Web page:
CNN commentator Angela Rye said she was "triggered" by "Make America Great Again" hats during a Tuesday night appearance on CNN's "Cuomo Prime Time."
Rye's comment came during a discussion about Nick Sandmann and the Covington Catholic high school students who were involved in an incident with a Native American activist Nathan Phillips that went viral on Saturday. While wearing a MAGA hat, Sandmann stood still as Phillips played a drum in his face, and Rye told anchor Chris Cuomo that she could not get over the symbolism of the student's hat.
"Forget Donald Trump for a moment, and just think about that symbol of that red hat," she said. "When I see the Make America Great Again hat now, Chris, I am triggered. I'm so triggered."
Rye went on to tell fellow CNN contributor Andre Bauer that his support for Trump puts a strain on their friendship, since she sees red hats as equivalent to the hoods of the Ku Klux Klan.
"I don't agree with you on this last point, but this Make America Great Again hat is just as maddening and frustrating and triggering for me to look at as a KKK hood," she said. "That is the type of hatred that his policies represent. And until we can have common ground and understanding about that, that it's that triggering, we're going to continue to have problems."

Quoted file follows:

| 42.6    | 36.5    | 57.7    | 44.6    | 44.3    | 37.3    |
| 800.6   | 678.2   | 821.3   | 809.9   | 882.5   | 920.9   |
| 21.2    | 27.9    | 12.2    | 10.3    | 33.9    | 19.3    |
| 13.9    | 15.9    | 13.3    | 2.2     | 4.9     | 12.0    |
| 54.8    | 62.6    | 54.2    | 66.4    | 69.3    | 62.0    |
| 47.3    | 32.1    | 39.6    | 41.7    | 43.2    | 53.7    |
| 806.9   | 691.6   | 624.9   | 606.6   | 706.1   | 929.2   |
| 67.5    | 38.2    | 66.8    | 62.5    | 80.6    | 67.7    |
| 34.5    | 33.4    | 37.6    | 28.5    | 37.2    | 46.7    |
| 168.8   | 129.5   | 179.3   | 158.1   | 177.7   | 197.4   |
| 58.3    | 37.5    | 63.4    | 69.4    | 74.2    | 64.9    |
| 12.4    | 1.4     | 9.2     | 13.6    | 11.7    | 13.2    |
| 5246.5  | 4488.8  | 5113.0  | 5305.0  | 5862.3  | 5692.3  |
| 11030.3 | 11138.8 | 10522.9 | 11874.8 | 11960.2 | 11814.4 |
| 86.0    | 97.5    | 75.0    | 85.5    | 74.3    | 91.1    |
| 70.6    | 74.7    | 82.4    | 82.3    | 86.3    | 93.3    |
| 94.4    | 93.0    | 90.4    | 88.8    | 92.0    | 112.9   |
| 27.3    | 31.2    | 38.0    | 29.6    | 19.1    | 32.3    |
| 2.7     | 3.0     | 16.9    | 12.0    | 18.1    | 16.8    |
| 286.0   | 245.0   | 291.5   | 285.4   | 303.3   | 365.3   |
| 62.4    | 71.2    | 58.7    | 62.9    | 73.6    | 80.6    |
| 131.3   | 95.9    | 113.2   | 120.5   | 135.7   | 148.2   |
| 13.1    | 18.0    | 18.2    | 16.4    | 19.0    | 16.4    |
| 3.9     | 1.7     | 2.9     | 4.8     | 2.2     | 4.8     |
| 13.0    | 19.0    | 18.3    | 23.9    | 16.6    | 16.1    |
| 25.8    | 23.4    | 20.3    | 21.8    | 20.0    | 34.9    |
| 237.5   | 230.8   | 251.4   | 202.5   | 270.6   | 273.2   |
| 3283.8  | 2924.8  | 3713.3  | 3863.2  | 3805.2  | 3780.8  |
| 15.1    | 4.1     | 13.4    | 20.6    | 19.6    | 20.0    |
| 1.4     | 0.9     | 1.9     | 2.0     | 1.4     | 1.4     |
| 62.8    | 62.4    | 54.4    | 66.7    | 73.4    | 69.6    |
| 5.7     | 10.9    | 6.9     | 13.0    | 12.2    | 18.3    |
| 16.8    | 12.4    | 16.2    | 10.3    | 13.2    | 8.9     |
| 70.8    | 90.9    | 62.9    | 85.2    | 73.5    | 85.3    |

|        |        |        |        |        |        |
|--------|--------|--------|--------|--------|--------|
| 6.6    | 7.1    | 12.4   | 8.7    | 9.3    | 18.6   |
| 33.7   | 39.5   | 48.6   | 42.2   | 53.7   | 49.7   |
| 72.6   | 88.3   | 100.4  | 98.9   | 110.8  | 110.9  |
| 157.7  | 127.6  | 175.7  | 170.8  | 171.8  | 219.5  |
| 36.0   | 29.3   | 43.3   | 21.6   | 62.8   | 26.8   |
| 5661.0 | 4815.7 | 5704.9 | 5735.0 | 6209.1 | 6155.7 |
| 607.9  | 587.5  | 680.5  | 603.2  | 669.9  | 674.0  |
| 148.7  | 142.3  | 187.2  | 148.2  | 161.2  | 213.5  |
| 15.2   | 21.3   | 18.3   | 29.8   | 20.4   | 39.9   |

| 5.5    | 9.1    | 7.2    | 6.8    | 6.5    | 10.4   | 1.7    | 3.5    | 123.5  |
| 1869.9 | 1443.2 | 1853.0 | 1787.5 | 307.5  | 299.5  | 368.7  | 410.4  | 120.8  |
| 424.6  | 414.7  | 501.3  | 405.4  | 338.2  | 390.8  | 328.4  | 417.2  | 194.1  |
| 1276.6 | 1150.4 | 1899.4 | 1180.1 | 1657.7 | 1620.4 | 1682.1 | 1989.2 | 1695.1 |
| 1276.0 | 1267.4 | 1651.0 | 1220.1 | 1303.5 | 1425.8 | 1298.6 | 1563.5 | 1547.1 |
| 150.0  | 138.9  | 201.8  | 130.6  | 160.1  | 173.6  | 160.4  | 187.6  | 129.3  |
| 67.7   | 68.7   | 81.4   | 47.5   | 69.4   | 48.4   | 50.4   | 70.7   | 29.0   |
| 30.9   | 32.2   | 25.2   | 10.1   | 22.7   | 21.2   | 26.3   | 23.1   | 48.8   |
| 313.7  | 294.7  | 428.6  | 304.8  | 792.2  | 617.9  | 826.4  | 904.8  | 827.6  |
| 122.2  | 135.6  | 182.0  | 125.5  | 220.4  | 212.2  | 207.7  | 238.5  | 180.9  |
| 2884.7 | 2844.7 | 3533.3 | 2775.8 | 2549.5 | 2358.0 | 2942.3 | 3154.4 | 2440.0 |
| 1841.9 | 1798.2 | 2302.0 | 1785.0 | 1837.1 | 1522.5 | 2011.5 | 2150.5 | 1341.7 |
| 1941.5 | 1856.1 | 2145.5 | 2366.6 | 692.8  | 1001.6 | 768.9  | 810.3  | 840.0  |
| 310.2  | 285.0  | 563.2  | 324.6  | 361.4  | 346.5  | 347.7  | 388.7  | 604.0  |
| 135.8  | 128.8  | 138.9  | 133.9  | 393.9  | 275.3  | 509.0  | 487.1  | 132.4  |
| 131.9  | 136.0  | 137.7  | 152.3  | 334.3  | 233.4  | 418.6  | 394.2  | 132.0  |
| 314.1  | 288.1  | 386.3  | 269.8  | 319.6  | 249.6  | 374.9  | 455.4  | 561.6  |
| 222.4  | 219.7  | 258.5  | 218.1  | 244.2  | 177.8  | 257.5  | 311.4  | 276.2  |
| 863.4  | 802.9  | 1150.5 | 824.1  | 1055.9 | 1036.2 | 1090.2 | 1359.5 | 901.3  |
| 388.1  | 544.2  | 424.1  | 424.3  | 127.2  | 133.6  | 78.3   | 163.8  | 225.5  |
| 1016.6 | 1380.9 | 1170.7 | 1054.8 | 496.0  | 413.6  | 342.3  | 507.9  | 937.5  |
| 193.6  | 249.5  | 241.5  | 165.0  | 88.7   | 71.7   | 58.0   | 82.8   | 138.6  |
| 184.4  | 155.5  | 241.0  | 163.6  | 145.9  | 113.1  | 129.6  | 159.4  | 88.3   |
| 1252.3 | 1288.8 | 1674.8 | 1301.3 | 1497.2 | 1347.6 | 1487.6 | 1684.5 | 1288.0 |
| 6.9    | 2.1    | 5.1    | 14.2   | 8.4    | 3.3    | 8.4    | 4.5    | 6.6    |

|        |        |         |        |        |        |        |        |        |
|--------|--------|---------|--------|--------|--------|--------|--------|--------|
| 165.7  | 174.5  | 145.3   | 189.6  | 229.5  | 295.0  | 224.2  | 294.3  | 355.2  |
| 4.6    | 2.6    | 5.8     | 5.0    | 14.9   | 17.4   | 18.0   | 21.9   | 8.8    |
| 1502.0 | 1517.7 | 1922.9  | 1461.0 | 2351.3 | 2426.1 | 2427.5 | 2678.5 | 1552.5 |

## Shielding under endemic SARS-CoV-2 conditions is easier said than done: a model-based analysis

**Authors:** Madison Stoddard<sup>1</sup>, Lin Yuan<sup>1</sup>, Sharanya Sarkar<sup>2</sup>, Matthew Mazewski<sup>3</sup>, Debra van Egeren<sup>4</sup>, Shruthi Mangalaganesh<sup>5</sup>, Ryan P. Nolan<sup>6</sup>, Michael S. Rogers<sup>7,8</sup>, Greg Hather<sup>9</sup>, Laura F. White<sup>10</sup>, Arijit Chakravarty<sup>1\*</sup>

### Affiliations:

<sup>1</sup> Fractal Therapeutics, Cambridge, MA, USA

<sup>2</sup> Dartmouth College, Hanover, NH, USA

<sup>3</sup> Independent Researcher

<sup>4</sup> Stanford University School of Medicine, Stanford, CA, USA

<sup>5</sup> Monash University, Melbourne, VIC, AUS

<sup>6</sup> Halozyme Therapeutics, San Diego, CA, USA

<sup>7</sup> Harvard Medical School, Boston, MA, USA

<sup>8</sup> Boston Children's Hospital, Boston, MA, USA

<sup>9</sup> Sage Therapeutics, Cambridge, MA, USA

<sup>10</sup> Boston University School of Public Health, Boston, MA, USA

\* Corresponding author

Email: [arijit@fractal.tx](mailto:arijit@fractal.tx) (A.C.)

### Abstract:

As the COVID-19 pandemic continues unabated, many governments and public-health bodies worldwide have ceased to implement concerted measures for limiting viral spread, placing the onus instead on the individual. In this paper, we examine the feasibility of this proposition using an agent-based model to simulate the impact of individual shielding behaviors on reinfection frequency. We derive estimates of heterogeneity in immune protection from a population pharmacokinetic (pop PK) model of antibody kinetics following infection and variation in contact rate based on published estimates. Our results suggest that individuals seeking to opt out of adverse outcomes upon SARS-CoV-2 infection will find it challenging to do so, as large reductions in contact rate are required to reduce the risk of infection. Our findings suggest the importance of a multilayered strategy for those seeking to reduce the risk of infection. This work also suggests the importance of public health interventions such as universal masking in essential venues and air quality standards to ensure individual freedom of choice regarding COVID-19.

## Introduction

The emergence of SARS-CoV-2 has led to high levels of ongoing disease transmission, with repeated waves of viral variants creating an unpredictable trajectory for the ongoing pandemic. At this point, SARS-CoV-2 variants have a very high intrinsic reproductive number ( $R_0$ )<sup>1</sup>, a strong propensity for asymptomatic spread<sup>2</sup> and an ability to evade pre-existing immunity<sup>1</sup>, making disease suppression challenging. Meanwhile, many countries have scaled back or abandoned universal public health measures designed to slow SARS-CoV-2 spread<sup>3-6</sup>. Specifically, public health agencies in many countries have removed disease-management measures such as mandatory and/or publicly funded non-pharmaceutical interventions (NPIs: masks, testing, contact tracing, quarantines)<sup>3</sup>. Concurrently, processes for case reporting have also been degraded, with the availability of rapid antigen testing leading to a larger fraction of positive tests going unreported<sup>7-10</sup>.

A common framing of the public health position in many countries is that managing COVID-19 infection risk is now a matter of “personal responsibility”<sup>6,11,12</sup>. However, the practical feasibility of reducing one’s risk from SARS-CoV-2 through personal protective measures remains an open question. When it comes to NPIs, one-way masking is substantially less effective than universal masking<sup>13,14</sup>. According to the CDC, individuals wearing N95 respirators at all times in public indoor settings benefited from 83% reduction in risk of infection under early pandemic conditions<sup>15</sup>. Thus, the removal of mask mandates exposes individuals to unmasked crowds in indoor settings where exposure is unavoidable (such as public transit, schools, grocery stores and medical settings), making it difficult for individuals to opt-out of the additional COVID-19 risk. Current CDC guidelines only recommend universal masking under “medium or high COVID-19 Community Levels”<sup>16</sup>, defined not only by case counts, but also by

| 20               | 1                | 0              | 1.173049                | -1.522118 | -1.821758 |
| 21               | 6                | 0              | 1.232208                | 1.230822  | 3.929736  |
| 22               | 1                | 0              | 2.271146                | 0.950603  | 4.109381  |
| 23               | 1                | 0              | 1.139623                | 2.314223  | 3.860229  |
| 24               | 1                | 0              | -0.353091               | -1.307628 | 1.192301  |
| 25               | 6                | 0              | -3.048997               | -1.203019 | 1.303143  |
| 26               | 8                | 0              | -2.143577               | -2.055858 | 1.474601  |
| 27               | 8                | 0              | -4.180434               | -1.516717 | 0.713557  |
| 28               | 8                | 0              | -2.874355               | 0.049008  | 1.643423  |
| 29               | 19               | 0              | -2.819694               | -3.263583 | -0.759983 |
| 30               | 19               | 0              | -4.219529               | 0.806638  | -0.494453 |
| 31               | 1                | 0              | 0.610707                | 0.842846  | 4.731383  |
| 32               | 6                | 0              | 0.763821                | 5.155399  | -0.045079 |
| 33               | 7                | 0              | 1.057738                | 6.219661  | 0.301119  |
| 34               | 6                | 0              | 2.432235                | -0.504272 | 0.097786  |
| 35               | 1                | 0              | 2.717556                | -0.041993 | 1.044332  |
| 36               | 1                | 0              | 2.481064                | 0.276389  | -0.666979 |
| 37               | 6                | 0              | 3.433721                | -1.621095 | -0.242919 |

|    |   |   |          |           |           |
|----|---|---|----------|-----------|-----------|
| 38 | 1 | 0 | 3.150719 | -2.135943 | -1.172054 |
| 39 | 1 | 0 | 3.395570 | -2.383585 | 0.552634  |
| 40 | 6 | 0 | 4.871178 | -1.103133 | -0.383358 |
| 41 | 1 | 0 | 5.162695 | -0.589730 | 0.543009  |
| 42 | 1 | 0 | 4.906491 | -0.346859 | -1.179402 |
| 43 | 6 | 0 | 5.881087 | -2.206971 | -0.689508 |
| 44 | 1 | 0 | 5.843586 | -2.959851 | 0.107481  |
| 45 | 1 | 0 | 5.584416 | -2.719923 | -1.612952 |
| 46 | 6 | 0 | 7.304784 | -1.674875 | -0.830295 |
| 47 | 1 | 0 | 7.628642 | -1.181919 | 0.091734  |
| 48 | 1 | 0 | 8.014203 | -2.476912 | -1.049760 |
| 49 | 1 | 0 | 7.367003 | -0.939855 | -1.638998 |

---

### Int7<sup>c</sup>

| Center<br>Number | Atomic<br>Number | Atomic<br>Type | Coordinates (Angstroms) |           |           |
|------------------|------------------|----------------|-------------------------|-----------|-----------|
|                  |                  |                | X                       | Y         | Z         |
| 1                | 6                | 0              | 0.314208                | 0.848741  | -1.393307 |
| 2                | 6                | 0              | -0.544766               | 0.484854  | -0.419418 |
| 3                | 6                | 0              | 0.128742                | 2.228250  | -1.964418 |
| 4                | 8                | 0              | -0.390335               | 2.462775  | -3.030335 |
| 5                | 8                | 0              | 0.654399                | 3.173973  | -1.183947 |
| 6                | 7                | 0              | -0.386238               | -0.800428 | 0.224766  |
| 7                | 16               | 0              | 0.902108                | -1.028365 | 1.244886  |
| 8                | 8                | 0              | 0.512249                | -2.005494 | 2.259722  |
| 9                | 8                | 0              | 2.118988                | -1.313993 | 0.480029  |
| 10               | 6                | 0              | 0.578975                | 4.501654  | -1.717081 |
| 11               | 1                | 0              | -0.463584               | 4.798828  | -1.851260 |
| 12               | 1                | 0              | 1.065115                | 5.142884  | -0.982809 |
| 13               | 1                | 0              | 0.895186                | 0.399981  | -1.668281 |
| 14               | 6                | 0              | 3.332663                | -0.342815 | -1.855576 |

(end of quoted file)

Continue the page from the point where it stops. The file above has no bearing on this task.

Sandmann came under fire as an edited video showed him apparently smirking at Phillips while wearing the MAGA hat. A longer video revealed a more complex situation, where Phillips approached Sandmann after a group of Black Hebrew Israelites antagonized both the Covington students and the Native Americans.
Sandmann has denied that he meant anything offensive by his pose.
"I was not intentionally making faces at the protestor. I did smile at one point because I wanted him to know that I was not going to become angry, intimidated or be provoked into a larger confrontation," Sandmann said in a statement.
Rye said it's hard to believe Trump is offended by falsehoods about his supporters.
"I wish that for one moment we could talk about what we see," Rye said. "People are talking about what's happening right now, as a result of what happened in this particular incident, is our varying perspectives, and I think that's such a powerful point."